Many organic materials work well alone or better in conjunction with ZnO, assuming the ZnO can be stabilized. The organics are highly-scrutinized and it is imperative that any used to formulate a coating are appropriate for the climate, but most importantly that they are approved geographically from the regulatory agency.

 » Choose the Anti-fungal Biocide for Your Coating Here! 

#4. Other

Nanomaterials are also used to prevent microbial growth; Silver (Ag) more often than others.

Most applications are where there is a concern for microbes (bacteria, viruses) developing resistance to an organic antimicrobial.

Criteria to Consider for Good Biocide Selection

In paints where antimicrobials that are soluble and easily-dispersed during paint processing, the surface is well-protected against biocidal growth.

In systems where the antimicrobial is immiscible or difficult to disperse, a much higher level of biocide may be required to provide the same protection versus an antimicrobial with excellent dispersibility.

Organic versus Inorganic Antimicrobials

   Organic Antimicrobials
 Inorganic Antimicrobials
  • Non-reactive in total paint systems
  • Don't lead to gelation

  • Inert to U-V
  • Do not leach from the film, thanks to their low water solubility

  • Can leach out from a coating over time with   repeated exposure to water (rain, humidity)
  • May be sensitive to sunlight (U-V)

  • Small particle size inorganic antimicrobials are reactive, especially w.r.t binders
  • Can lead to increased viscosity or even gelation

When should you Consider Blends?

A blend of materials may prove to be effective where there is a synergy between using the blended materials for a system, such as the blend providing efficacy over a greater pH range than either of the constituents.

In addition, with varying regulations globally limiting the use levels of A-M, a blend or a blended material may meet the performance requirements as well as the regulatory requirements.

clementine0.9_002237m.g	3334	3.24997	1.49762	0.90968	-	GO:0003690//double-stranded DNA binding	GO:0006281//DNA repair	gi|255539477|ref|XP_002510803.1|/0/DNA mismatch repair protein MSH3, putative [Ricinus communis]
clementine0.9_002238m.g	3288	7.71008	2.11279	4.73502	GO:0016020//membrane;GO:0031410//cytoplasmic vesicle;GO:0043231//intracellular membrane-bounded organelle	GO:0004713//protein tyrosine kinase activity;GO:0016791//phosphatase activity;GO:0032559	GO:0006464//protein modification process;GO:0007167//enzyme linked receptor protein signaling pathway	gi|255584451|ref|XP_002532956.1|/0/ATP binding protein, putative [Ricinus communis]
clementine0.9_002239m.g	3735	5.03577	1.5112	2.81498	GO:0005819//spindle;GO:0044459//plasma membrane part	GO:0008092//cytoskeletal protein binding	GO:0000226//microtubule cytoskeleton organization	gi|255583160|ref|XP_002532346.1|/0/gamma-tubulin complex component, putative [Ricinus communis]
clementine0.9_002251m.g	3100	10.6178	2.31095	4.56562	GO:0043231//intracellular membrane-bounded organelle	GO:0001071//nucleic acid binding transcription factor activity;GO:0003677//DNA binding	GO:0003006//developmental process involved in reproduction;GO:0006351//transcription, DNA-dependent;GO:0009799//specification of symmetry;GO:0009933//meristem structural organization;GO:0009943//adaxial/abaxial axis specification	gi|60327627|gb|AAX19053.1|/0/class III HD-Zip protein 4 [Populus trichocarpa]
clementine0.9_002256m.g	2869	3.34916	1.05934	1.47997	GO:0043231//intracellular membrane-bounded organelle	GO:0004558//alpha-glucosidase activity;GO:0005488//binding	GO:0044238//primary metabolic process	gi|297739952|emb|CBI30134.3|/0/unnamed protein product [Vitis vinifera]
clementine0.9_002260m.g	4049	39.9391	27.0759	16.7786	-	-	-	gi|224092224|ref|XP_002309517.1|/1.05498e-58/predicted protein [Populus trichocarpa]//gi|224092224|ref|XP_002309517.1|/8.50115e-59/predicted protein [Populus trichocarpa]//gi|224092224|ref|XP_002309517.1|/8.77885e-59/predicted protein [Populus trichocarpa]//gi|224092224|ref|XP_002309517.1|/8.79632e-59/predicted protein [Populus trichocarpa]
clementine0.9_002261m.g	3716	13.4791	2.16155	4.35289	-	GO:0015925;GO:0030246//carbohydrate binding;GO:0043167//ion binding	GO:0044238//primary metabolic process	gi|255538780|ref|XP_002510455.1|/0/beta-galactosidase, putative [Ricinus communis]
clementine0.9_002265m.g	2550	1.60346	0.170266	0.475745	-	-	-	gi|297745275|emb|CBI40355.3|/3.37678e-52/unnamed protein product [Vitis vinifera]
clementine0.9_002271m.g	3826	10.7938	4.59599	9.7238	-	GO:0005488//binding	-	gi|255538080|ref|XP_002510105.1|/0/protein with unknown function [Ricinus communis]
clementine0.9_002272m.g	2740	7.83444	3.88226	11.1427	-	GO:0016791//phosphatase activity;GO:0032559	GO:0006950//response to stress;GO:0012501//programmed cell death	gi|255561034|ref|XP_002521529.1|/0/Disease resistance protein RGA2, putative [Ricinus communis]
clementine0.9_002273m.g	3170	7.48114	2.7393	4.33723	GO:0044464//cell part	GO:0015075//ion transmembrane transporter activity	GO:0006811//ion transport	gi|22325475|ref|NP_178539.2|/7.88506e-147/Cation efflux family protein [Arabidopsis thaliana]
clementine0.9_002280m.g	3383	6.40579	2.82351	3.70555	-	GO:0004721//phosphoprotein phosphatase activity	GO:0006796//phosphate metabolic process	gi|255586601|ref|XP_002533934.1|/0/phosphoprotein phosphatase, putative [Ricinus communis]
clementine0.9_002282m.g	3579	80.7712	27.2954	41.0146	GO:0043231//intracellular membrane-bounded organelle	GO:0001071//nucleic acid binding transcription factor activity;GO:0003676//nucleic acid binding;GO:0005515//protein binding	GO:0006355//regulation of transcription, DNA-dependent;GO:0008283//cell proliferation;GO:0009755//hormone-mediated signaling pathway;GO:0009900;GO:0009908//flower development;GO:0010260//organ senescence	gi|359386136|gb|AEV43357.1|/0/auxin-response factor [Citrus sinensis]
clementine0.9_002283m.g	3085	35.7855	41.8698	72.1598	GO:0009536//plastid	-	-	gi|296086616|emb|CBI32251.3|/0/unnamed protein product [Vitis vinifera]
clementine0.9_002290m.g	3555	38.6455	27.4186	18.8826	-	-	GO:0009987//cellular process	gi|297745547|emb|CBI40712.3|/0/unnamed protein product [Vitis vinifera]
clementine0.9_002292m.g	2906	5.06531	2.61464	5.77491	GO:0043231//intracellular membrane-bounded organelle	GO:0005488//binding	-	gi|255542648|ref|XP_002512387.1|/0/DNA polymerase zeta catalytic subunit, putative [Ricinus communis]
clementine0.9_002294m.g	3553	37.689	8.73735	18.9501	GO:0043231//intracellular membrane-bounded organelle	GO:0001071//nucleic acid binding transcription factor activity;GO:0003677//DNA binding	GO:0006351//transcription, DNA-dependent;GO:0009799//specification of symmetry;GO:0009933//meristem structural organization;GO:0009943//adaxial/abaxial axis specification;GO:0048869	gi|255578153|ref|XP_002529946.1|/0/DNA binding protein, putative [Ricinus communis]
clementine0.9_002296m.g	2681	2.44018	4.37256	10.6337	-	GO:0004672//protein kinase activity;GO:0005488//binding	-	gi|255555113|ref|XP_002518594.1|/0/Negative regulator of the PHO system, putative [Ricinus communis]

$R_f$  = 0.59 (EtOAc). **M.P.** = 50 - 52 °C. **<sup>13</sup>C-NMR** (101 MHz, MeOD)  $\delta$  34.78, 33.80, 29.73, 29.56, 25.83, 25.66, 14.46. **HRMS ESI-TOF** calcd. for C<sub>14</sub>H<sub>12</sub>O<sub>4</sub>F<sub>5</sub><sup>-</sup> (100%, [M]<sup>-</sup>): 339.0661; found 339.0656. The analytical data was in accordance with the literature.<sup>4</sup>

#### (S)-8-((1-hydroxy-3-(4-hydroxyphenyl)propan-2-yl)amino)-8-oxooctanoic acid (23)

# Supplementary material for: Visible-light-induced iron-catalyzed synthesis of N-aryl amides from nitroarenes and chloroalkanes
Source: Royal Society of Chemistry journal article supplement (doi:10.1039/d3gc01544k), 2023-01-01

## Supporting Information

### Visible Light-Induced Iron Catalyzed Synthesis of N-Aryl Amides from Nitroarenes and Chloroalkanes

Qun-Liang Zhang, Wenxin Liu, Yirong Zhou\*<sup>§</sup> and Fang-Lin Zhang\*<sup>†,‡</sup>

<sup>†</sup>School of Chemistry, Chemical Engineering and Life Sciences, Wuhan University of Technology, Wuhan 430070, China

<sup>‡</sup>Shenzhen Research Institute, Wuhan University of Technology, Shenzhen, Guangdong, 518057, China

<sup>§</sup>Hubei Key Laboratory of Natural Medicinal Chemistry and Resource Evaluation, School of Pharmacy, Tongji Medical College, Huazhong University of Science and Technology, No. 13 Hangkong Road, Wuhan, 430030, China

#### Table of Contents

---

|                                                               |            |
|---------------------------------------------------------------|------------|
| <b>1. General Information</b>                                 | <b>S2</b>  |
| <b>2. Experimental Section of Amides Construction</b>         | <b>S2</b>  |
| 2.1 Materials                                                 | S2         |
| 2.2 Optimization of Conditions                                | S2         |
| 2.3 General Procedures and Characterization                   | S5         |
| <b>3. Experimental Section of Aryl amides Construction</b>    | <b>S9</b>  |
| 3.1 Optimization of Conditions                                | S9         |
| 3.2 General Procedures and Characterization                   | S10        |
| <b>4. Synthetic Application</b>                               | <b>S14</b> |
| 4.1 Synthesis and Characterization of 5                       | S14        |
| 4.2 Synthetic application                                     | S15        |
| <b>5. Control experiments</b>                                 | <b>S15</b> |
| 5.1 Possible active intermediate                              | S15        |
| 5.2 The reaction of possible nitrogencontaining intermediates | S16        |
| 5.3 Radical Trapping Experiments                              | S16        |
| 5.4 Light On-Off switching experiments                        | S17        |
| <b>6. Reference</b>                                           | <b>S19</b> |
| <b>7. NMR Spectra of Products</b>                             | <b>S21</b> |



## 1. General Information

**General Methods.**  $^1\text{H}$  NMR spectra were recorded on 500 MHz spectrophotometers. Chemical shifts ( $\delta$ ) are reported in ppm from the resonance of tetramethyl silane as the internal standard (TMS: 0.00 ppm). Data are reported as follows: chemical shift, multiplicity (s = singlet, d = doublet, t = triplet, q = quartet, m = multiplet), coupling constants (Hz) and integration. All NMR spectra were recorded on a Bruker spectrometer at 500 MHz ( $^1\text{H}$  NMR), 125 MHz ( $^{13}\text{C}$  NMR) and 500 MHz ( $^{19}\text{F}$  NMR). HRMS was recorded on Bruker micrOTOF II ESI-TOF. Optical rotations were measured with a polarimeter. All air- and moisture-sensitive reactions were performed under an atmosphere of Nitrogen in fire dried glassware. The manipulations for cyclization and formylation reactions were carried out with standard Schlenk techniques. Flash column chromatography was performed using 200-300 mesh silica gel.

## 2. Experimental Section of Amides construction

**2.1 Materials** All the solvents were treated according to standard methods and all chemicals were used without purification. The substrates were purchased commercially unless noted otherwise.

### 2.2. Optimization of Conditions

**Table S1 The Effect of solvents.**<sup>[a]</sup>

Factors to Consider during Biocide Selection

Biocide selection criteria

FAQs on Using Biocides Depending on the Type / Application of Coating

Will it be used for a Waterborne or Solventborne Coating?

When a paint is formulated, there are several aspects to be taken care of. First of course, is performance of the paint as formulated. The other is the stability of the paint, which includes maintaining viscosity as well as minimum or no phase-separation.

If an antimicrobial is at least not miscible, it will separate and may form a thin layer at the surface of the paint in the container. Unless well-stirred, the paint applied to the substrate may not be uniform in the protection by the antimicrobial. Resistance to mildew and fungus may be poor as a result.

  1. Antimicrobial suppliers aren’t always specific about applications, as they want customers to use their products in as many applications (and therefore greater volumes) as possible. Many TDS’ show antimicrobial to be slightly miscible in water and only soluble or miscible in certain solvents.
  2. This becomes a key area for testing – compatibility. A good screening method is to make a very simple mixture of resin and solvent proportional to the coating and place in a small bottle or vial and shake vigorously. Incorporate the antimicrobial to determine if it is:
    • Compatible
    • Can be dispersed
    • Stays dispersed over time, or
    • Incompatible and cannot be dispersed or/and forms seeds.
  3. Try adding and shaking in, and if that doesn’t work, use a table/bath sonicator for 10 minutes.

Will it be used for Interior / Exterior Paints & Inks?


SB / WB Antimicrobial Type Chemistry
In-Can Anti-fouling Mildewcide / antifungal Other Organic Inorganic Blend O Blend
SB - Interior


SB - Exterior




WB - Interior